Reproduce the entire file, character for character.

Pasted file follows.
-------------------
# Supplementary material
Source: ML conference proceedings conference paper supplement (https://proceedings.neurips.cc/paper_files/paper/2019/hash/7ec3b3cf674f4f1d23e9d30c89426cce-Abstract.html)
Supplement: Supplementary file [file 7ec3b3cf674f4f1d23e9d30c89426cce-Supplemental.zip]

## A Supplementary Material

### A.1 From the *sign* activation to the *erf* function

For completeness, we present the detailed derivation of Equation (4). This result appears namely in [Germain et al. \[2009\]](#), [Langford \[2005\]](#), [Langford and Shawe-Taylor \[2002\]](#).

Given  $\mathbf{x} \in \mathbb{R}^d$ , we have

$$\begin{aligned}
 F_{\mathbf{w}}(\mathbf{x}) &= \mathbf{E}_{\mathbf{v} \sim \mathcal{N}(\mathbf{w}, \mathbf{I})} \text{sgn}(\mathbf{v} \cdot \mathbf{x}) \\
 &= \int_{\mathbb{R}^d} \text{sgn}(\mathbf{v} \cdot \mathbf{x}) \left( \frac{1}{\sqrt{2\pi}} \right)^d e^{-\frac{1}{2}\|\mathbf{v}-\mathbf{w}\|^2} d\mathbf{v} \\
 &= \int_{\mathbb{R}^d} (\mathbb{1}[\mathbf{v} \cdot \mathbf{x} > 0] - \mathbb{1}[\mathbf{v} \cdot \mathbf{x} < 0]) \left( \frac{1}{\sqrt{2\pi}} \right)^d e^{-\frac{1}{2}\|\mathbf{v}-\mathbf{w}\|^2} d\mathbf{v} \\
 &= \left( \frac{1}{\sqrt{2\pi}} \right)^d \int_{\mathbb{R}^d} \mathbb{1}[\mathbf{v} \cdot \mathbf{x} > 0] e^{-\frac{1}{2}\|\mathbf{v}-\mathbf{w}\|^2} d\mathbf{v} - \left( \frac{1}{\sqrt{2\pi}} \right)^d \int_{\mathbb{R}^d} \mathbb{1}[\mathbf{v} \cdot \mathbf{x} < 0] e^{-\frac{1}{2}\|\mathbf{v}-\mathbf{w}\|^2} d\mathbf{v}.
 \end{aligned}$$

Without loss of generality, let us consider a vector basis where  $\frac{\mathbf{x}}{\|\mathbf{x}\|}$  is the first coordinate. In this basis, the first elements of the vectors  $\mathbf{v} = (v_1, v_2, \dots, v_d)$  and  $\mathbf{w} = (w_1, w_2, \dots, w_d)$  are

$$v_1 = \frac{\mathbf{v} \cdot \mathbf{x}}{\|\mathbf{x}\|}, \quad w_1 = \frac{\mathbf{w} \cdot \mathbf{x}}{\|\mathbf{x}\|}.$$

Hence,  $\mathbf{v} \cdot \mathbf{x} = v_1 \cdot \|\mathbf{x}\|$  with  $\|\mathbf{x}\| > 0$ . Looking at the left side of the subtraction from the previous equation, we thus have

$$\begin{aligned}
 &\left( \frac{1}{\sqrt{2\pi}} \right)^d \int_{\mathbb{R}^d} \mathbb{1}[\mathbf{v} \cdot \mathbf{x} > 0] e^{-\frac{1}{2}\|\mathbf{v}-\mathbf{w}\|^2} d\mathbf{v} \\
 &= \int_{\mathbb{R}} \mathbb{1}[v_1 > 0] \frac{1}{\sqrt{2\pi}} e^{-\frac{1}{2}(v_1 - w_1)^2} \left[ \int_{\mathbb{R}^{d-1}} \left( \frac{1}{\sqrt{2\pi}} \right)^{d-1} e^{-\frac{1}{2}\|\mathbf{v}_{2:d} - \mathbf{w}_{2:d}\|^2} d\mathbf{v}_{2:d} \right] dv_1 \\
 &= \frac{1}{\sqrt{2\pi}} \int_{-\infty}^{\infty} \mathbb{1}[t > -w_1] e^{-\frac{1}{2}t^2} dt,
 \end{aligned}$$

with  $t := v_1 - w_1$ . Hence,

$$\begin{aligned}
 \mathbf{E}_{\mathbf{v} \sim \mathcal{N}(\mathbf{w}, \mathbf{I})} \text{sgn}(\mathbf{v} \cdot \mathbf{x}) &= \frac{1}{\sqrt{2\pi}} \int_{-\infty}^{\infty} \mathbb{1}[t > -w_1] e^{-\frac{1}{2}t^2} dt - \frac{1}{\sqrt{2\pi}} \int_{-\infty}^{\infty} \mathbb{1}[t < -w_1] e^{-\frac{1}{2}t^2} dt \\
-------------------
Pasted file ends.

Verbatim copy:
# Supplementary material
Source: ML conference proceedings conference paper supplement (https://proceedings.neurips.cc/paper_files/paper/2019/hash/7ec3b3cf674f4f1d23e9d30c89426cce-Abstract.html)
Supplement: Supplementary file [file 7ec3b3cf674f4f1d23e9d30c89426cce-Supplemental.zip]

## A Supplementary Material

### A.1 From the *sign* activation to the *erf* function

For completeness, we present the detailed derivation of Equation (4). This result appears namely in [Germain et al. \[2009\]](#), [Langford \[2005\]](#), [Langford and Shawe-Taylor \[2002\]](#).

Given  $\mathbf{x} \in \mathbb{R}^d$ , we have

$$\begin{aligned}
 F_{\mathbf{w}}(\mathbf{x}) &= \mathbf{E}_{\mathbf{v} \sim \mathcal{N}(\mathbf{w}, \mathbf{I})} \text{sgn}(\mathbf{v} \cdot \mathbf{x}) \\
 &= \int_{\mathbb{R}^d} \text{sgn}(\mathbf{v} \cdot \mathbf{x}) \left( \frac{1}{\sqrt{2\pi}} \right)^d e^{-\frac{1}{2}\|\mathbf{v}-\mathbf{w}\|^2} d\mathbf{v} \\
 &= \int_{\mathbb{R}^d} (\mathbb{1}[\mathbf{v} \cdot \mathbf{x} > 0] - \mathbb{1}[\mathbf{v} \cdot \mathbf{x} < 0]) \left( \frac{1}{\sqrt{2\pi}} \right)^d e^{-\frac{1}{2}\|\mathbf{v}-\mathbf{w}\|^2} d\mathbf{v} \\
 &= \left( \frac{1}{\sqrt{2\pi}} \right)^d \int_{\mathbb{R}^d} \mathbb{1}[\mathbf{v} \cdot \mathbf{x} > 0] e^{-\frac{1}{2}\|\mathbf{v}-\mathbf{w}\|^2} d\mathbf{v} - \left( \frac{1}{\sqrt{2\pi}} \right)^d \int_{\mathbb{R}^d} \mathbb{1}[\mathbf{v} \cdot \mathbf{x} < 0] e^{-\frac{1}{2}\|\mathbf{v}-\mathbf{w}\|^2} d\mathbf{v}.
 \end{aligned}$$

Without loss of generality, let us consider a vector basis where  $\frac{\mathbf{x}}{\|\mathbf{x}\|}$  is the first coordinate. In this basis, the first elements of the vectors  $\mathbf{v} = (v_1, v_2, \dots, v_d)$  and  $\mathbf{w} = (w_1, w_2, \dots, w_d)$  are

$$v_1 = \frac{\mathbf{v} \cdot \mathbf{x}}{\|\mathbf{x}\|}, \quad w_1 = \frac{\mathbf{w} \cdot \mathbf{x}}{\|\mathbf{x}\|}.$$

Hence,  $\mathbf{v} \cdot \mathbf{x} = v_1 \cdot \|\mathbf{x}\|$  with  $\|\mathbf{x}\| > 0$ . Looking at the left side of the subtraction from the previous equation, we thus have

$$\begin{aligned}
 &\left( \frac{1}{\sqrt{2\pi}} \right)^d \int_{\mathbb{R}^d} \mathbb{1}[\mathbf{v} \cdot \mathbf{x} > 0] e^{-\frac{1}{2}\|\mathbf{v}-\mathbf{w}\|^2} d\mathbf{v} \\
 &= \int_{\mathbb{R}} \mathbb{1}[v_1 > 0] \frac{1}{\sqrt{2\pi}} e^{-\frac{1}{2}(v_1 - w_1)^2} \left[ \int_{\mathbb{R}^{d-1}} \left( \frac{1}{\sqrt{2\pi}} \right)^{d-1} e^{-\frac{1}{2}\|\mathbf{v}_{2:d} - \mathbf{w}_{2:d}\|^2} d\mathbf{v}_{2:d} \right] dv_1 \\
 &= \frac{1}{\sqrt{2\pi}} \int_{-\infty}^{\infty} \mathbb{1}[t > -w_1] e^{-\frac{1}{2}t^2} dt,
 \end{aligned}$$

with  $t := v_1 - w_1$ . Hence,

$$\begin{aligned}
 \mathbf{E}_{\mathbf{v} \sim \mathcal{N}(\mathbf{w}, \mathbf{I})} \text{sgn}(\mathbf{v} \cdot \mathbf{x}) &= \frac{1}{\sqrt{2\pi}} \int_{-\infty}^{\infty} \mathbb{1}[t > -w_1] e^{-\frac{1}{2}t^2} dt - \frac{1}{\sqrt{2\pi}} \int_{-\infty}^{\infty} \mathbb{1}[t < -w_1] e^{-\frac{1}{2}t^2} dt \\